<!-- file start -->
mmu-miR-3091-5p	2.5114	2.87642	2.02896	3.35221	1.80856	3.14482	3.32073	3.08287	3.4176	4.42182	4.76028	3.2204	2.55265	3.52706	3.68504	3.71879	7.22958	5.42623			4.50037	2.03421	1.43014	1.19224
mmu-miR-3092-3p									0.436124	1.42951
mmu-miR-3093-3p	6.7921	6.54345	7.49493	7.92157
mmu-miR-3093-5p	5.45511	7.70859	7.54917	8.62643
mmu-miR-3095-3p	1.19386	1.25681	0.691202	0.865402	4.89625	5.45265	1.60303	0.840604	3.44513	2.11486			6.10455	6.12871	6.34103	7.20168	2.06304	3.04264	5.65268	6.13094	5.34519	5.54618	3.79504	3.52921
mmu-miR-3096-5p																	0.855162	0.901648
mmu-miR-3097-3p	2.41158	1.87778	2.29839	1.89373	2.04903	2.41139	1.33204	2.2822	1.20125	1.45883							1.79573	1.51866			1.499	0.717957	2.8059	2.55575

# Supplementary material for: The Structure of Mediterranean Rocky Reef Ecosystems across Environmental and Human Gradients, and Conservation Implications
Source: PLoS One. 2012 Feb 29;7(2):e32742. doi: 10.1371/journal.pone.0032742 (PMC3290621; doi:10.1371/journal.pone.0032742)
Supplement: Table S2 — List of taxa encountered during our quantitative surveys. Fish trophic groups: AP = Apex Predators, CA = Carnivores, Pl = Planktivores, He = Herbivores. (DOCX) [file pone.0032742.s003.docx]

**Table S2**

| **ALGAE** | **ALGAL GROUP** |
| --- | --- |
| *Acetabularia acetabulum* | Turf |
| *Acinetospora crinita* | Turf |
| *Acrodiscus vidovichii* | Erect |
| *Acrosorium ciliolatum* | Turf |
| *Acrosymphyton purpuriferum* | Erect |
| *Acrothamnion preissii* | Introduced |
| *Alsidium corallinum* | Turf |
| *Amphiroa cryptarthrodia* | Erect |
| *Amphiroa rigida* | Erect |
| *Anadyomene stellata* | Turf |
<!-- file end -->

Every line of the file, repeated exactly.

mmu-miR-3091-5p	2.5114	2.87642	2.02896	3.35221	1.80856	3.14482	3.32073	3.08287	3.4176	4.42182	4.76028	3.2204	2.55265	3.52706	3.68504	3.71879	7.22958	5.42623			4.50037	2.03421	1.43014	1.19224
mmu-miR-3092-3p									0.436124	1.42951
mmu-miR-3093-3p	6.7921	6.54345	7.49493	7.92157
mmu-miR-3093-5p	5.45511	7.70859	7.54917	8.62643
mmu-miR-3095-3p	1.19386	1.25681	0.691202	0.865402	4.89625	5.45265	1.60303	0.840604	3.44513	2.11486			6.10455	6.12871	6.34103	7.20168	2.06304	3.04264	5.65268	6.13094	5.34519	5.54618	3.79504	3.52921
mmu-miR-3096-5p																	0.855162	0.901648
mmu-miR-3097-3p	2.41158	1.87778	2.29839	1.89373	2.04903	2.41139	1.33204	2.2822	1.20125	1.45883							1.79573	1.51866			1.499	0.717957	2.8059	2.55575

# Supplementary material for: The Structure of Mediterranean Rocky Reef Ecosystems across Environmental and Human Gradients, and Conservation Implications
Source: PLoS One. 2012 Feb 29;7(2):e32742. doi: 10.1371/journal.pone.0032742 (PMC3290621; doi:10.1371/journal.pone.0032742)
Supplement: Table S2 — List of taxa encountered during our quantitative surveys. Fish trophic groups: AP = Apex Predators, CA = Carnivores, Pl = Planktivores, He = Herbivores. (DOCX) [file pone.0032742.s003.docx]

**Table S2**

| **ALGAE** | **ALGAL GROUP** |
| --- | --- |
| *Acetabularia acetabulum* | Turf |
| *Acinetospora crinita* | Turf |
| *Acrodiscus vidovichii* | Erect |
| *Acrosorium ciliolatum* | Turf |
| *Acrosymphyton purpuriferum* | Erect |
| *Acrothamnion preissii* | Introduced |
| *Alsidium corallinum* | Turf |
| *Amphiroa cryptarthrodia* | Erect |
| *Amphiroa rigida* | Erect |
| *Anadyomene stellata* | Turf |